Visiting her sister

Excerpt from The Vegetarian by Han Kang

Photo by Jeroen den Otter | Accessed on

This is an excerpt from the book The Vegetarian by Han Kang, translated by Deborah Smith.

The receptionist greets her, recognizing her from previous visits. She closes her dripping umbrella and secures the tie around it, then sits down on a long wooden bench. While she waits for the doctor to come down from the consultation room, she turns to look at the zelkova tree which stands in the hospital’s front garden. The tree is clearly very old, easily four hundred years. On bright days it would spread its countless branches and let the sunlight scintillate its leaves, seemingly communicating something to her. Today, a day sodden and stupefied with rain, it is reticent, and keeps its thoughts unspoken. The old bark on its lower part is dark as a drenched evening, and the leaves tremble silently on the twigs as the raindrops batter down on them. And she sees her sister’s face, flickering like a ghostly after-image overlaid on the silent scene.

She closes her bloodshot eyes for a long time before opening them again. The tree fills her field of vision, still silent, keeping its own counsel. Still she cannot sleep. It’s been three months straight now, three months of getting by snatching pockets of sleep here and there, never more than an hour at any one time. Yeong-hye’s voice, the forest with the black rain falling, and her own face with the blood trickling from her eye, shiver the long night into fragments like potsherds.

Usually, when she has given up on trying to wring any more sleep out of the night, it is around three in the morning. She washes her face, brushes her teeth, prepares some side dishes, cleans and tidies every corner of the house, and still the clock goes as slow as ever, the shifting of the hands like the almost comically suspended movements of some ponderous dance. In the end she goes into his room and listens to some of the records he left behind, or puts her hand on her back and sins herself around the room as he once had, or curls up in the bathtub with her clothes on and even feels, for the first time, as though he mightn’t have been so incomprehensible after all. He probably just hadn’t had the energy to take his clothes off, simple as that. He simply can’t have had the energy to adjust the water temperature and take a shower. It struck her that this narrow, concave space was, oddly enough, cosier than anywhere else in the entire thirty-two-p’yong apartment.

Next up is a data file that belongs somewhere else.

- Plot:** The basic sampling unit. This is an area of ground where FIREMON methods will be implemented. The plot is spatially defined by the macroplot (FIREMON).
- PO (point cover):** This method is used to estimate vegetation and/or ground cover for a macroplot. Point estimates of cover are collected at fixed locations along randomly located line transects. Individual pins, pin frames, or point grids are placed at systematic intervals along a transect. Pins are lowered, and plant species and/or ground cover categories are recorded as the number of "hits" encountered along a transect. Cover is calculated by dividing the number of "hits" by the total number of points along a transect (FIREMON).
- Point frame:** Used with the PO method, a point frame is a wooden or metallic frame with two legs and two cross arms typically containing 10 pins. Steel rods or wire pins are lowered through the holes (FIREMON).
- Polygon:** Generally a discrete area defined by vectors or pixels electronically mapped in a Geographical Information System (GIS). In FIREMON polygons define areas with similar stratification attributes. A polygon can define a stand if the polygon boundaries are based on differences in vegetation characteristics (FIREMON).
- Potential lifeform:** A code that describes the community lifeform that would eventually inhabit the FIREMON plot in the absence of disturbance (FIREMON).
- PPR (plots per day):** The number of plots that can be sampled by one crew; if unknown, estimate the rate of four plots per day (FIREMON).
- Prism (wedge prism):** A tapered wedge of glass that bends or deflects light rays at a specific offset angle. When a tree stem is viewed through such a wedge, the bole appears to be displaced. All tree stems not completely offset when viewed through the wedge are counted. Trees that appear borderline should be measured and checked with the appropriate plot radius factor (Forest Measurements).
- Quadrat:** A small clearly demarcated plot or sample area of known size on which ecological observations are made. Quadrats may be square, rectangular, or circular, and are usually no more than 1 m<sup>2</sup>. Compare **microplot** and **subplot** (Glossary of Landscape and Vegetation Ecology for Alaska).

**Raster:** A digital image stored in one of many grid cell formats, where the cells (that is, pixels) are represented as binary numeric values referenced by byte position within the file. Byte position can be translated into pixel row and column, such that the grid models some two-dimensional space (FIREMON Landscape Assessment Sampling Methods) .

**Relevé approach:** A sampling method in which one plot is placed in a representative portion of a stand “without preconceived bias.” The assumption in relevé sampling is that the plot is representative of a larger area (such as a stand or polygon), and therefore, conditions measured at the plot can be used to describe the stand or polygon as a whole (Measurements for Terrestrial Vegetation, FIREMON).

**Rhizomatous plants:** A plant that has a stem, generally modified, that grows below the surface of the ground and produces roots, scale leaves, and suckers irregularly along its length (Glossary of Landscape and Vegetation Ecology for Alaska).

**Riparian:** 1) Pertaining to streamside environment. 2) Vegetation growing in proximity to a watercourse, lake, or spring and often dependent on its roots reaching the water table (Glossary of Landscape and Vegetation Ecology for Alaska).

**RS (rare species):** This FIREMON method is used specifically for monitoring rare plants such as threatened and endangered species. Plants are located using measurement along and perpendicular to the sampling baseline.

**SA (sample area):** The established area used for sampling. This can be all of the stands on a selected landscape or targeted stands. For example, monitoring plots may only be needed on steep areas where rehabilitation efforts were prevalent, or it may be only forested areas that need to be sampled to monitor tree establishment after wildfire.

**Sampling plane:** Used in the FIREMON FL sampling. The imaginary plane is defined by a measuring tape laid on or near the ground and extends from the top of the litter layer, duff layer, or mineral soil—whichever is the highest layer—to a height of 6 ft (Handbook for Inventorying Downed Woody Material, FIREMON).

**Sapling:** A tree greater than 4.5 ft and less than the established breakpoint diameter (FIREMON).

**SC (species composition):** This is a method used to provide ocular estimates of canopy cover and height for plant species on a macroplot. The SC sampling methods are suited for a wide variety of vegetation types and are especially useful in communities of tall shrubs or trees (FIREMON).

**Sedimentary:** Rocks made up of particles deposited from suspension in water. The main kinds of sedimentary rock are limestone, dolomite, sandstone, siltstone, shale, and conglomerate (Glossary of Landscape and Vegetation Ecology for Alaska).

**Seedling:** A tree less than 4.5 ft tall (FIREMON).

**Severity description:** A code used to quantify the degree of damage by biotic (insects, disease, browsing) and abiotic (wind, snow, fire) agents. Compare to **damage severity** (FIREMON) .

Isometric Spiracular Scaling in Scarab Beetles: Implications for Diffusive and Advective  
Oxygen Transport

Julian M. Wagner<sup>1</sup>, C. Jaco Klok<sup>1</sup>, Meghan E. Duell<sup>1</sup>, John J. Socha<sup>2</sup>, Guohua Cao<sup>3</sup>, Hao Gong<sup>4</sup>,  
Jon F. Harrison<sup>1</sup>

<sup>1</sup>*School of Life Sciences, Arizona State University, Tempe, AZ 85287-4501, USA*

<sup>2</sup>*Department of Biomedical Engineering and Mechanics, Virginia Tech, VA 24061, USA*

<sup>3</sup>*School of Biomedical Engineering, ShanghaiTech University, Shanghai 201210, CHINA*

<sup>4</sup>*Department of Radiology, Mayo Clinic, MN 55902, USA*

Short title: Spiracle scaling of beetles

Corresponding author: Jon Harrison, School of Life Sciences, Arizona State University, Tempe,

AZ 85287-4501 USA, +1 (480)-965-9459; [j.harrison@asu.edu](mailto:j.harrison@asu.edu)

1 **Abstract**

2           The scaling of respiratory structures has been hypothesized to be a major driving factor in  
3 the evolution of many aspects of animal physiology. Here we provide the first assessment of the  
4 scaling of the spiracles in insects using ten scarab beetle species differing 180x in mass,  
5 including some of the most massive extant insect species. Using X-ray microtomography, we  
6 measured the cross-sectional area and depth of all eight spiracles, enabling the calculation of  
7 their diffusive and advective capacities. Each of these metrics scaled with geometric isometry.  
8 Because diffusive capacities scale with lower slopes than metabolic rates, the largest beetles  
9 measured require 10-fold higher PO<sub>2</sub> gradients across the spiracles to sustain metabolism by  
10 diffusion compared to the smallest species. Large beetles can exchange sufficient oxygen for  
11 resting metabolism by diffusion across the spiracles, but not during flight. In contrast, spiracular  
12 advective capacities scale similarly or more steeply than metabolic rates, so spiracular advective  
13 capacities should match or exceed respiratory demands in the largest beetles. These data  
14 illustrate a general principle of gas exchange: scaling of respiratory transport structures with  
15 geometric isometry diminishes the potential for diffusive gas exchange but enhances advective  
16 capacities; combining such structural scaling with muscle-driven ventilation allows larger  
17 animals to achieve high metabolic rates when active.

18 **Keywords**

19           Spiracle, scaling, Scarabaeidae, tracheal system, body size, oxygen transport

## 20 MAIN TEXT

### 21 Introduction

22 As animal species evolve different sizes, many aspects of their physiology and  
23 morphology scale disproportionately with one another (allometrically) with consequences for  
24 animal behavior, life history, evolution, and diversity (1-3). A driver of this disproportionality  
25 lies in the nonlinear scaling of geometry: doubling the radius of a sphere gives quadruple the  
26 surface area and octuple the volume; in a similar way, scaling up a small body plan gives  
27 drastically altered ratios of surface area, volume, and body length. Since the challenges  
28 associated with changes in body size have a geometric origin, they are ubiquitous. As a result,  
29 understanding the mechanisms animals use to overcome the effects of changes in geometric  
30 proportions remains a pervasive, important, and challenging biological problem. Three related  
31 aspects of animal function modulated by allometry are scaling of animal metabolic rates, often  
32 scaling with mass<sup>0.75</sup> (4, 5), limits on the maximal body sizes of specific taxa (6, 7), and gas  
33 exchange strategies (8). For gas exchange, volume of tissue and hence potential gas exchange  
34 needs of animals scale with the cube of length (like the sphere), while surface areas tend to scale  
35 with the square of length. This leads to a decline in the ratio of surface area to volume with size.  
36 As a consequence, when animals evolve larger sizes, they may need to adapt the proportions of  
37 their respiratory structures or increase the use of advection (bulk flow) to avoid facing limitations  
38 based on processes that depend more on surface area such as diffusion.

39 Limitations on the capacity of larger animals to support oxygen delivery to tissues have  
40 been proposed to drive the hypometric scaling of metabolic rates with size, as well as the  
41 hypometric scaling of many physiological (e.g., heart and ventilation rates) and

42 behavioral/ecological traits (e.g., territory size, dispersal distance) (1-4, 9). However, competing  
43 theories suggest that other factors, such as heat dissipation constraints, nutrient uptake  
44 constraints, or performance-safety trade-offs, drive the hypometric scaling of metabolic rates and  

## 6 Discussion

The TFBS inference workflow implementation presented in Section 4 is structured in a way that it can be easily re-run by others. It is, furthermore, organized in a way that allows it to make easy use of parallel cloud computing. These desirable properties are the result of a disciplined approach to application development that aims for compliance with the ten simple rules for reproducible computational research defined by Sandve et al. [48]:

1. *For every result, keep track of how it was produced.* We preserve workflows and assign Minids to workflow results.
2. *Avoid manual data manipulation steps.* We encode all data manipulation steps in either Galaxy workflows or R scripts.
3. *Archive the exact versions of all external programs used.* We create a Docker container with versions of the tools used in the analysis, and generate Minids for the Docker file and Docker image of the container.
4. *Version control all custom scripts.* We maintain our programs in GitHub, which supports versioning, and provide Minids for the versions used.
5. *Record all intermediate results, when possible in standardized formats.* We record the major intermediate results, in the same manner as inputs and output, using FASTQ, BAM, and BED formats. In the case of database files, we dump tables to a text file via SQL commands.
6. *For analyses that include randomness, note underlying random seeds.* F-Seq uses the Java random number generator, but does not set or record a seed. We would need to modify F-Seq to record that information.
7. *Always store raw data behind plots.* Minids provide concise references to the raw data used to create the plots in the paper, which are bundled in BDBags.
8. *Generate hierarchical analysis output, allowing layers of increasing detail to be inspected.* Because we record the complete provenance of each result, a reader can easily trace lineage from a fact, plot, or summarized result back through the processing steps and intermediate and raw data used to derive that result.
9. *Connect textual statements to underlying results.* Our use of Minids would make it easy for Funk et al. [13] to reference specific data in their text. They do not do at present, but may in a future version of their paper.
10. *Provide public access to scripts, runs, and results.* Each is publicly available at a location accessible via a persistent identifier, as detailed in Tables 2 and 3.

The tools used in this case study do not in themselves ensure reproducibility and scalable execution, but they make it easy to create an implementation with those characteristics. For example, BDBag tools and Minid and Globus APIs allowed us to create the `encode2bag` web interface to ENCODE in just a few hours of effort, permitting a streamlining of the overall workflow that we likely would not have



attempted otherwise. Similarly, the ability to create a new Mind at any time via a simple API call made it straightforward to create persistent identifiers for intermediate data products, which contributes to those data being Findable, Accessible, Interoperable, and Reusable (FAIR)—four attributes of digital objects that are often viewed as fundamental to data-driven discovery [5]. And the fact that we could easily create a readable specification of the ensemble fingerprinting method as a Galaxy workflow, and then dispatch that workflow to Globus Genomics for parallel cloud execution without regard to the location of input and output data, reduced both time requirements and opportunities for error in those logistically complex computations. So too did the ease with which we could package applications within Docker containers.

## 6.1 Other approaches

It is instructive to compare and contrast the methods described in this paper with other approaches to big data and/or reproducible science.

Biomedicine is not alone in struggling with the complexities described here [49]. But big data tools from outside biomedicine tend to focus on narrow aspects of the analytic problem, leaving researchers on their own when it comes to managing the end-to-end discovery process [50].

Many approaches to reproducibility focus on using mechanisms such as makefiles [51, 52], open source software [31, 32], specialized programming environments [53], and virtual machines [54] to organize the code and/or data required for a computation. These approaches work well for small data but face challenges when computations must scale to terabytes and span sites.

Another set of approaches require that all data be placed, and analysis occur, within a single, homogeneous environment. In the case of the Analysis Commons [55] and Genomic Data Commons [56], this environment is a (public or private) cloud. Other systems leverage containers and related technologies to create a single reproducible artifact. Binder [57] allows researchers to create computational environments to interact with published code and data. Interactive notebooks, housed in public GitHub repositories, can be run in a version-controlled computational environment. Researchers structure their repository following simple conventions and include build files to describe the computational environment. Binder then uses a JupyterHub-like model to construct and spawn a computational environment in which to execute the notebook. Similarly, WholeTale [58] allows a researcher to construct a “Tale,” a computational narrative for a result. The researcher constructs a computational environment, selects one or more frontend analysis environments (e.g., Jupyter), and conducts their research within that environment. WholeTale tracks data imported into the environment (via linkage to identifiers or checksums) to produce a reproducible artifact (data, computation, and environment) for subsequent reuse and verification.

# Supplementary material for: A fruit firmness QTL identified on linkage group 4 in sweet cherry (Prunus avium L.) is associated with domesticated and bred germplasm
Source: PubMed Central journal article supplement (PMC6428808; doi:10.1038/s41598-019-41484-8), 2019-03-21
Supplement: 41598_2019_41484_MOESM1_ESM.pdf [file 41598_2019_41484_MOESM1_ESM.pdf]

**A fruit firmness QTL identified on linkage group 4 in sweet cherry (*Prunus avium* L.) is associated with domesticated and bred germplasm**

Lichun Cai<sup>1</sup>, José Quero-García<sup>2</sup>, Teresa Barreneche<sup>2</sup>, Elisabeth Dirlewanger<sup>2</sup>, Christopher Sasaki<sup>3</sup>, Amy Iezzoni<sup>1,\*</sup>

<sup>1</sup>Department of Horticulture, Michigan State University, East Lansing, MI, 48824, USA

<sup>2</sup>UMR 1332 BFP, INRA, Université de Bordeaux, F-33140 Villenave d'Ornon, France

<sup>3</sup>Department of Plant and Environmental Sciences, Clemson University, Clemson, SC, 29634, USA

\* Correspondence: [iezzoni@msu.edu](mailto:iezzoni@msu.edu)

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The Vegetarian – Summary

Here is the book summary from Goodreads:

Yeong-hye and her husband are ordinary people. He is an office worker with moderate ambitions and mild manners; she is an uninspired but dutiful wife. The acceptable flatline of their marriage is interrupted when Yeong-hye, seeking a more ‘plant-like’ existence, decides to become a vegetarian, prompted by grotesque recurring nightmares. In South Korea, where vegetarianism is almost unheard-of and societal mores are strictly obeyed, Yeong-hye’s decision is a shocking act of subversion. Her passive rebellion manifests in ever more bizarre and frightening forms, leading her bland husband to self-justified acts of sexual sadism.

His cruelties drive her towards attempted suicide and hospitalisation. She unknowingly captivates her sister’s husband, a video artist. She becomes the focus of his increasingly erotic and unhinged artworks, while spiralling further and further into her fantasies of abandoning her fleshly prison and becoming – impossibly, ecstatically – a tree.

Fraught, disturbing and beautiful, The Vegetarian is a novel about modern day South Korea, but also a novel about shame, desire and our faltering attempts to understand others, from one imprisoned body to another.

Note, you may want to check trigger warnings before reading this book. You can find some details on the book’s trigger warnings here.

Copyright © 2016 by Han Kang.

Translated by: Deborah Smith

More details can be found on Goodreads and on StoryGraph.

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